Why doing the right thing at work doesn't guarantee the right outcome, but it is still the best approach

Fri, 01 Feb 2013

Over the past year, I'm not the only person working in a bank who has been saddened to see a lot of colleagues, many of whom I'd call friends, leave the company not by their own choice.

Many of these people have been doing all the right things at work, demonstrating exactly the kind of behaviours that should be encouraged, for example:

  • being generous with their time

  • genuinely caring about other people

  • being proactive, both in terms of learning and in terms of proposing improvements

  • thinking more widely than about just your team, working to bridge silos

  • thinking about the impact of their work on the long term sustainability of the business

  • thinking about the impact of their actions on the environment and in the community

I would understand if people were starting to question whether this approach really makes sense.  Particularly as you are seeing others around you who don't display these behaviours (eg those who blindly do what they're told, or keep under the radar) moving ahead, or are seeing people being criticised for some of these behaviours that you know are right.

Firstly, I'd point out that doing the right thing doesn't guarantee the right outcome in the short term.  In fact, even in the long term, I can't honestly promise that the right outcomes will prevail.  Luck still plays a part, as do factors outside your control.  For example, you may be in a team that is no longer needed by your company.  You may have skills that, while valuable elsewhere, aren't what are needed right now.  Or you might have an insecure boss that feels threatened by your approach, or is under undue pressure from his/her boss.  No organisational performance management system is perfect.  At the end of the day, despite lots of people's best efforts to make things fair, the world isn't as fair as we'd like it to be.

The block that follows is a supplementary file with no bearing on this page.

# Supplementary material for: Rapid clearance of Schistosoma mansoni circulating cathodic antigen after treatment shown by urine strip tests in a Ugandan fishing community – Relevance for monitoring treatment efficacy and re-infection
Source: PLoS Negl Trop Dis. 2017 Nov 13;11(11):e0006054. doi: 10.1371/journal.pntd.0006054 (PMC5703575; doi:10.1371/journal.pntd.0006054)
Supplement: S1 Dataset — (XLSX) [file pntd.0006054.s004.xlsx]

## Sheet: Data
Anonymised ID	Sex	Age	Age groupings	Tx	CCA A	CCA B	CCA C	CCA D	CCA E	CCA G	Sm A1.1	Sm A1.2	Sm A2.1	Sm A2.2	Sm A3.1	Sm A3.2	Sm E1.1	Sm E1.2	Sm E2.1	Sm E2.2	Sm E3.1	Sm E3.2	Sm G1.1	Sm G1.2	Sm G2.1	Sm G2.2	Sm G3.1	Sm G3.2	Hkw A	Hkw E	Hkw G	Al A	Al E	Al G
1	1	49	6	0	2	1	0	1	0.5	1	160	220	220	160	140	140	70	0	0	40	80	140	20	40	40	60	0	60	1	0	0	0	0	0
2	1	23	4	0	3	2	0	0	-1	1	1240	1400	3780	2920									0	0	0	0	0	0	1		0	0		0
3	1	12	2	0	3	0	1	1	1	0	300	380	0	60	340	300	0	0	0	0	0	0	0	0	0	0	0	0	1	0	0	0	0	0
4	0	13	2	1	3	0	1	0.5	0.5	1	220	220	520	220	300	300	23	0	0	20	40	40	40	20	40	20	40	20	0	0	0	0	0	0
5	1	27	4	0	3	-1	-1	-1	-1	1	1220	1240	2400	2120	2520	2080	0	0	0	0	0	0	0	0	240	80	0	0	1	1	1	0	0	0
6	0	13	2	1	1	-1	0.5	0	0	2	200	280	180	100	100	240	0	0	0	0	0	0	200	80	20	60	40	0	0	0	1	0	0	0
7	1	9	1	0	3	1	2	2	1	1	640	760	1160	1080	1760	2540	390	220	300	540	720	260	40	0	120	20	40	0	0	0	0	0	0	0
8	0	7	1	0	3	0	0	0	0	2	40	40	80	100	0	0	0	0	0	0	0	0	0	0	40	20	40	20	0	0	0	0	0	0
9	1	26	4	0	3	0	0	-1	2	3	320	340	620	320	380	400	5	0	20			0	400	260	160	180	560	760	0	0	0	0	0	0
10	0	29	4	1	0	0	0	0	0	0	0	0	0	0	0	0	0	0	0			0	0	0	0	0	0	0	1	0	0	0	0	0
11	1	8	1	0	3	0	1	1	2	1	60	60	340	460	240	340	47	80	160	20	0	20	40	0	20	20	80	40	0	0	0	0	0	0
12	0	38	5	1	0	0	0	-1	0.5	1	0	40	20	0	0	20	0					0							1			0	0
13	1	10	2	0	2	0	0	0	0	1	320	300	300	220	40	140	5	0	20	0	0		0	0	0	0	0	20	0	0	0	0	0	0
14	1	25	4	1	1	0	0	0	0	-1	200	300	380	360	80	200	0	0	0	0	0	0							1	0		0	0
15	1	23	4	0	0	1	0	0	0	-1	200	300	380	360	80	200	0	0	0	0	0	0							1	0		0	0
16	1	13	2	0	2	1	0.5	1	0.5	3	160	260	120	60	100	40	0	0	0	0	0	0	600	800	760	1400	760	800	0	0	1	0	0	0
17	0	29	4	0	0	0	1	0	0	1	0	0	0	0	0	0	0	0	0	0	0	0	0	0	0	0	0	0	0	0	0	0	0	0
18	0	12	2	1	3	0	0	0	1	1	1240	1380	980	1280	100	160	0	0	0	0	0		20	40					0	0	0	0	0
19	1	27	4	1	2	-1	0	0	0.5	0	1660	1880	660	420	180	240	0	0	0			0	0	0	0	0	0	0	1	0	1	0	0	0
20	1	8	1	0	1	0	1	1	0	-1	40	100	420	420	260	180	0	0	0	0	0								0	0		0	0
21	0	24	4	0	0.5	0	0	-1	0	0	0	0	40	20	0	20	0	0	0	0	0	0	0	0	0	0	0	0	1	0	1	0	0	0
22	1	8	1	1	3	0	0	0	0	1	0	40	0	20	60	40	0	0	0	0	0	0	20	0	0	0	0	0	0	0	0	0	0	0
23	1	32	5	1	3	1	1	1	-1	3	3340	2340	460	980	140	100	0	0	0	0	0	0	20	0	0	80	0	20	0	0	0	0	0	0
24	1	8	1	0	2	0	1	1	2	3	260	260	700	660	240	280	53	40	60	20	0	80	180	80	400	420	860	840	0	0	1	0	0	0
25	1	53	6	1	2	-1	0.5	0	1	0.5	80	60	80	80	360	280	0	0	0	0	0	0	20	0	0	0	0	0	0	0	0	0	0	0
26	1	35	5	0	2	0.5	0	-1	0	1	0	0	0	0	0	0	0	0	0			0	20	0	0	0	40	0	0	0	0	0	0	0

That all said, I still believe it makes sense to do the right thing, in how we work as well as in other areas:

  • It will give you a more satisfying career - after all, would you really enjoy removing all proactivity, autonomy and purpose from your work.

  • You'll have the knowledge that you did the right thing, which is something that no one can take away from you.  In contrast, if you spend your time pandering to the peculiarities of one boss after another, trying to please them at the expense of yourself, the company or the world, you always be one tiny misfortune away from having it all taken away from you.

  • I do believe that people notice what you are like to work with, and how much you actually achieve.  And it is a small world.  I'd rather have future employers / colleagues know that I'm genuinely worth employing for the right reasons, than spend my time doing the wrong thing in order to protect my current job.

This doesn't mean you should ignore what managers tell you, or the frequently changing agendas - even if you disagree, there's still a lot to learn from them, and the ability to work in a team / organisation is important.  But, when it comes to deciding what you're going to do, and taking ownership of your career, I'd encourage people to stay strong and keep working in the way you know is right.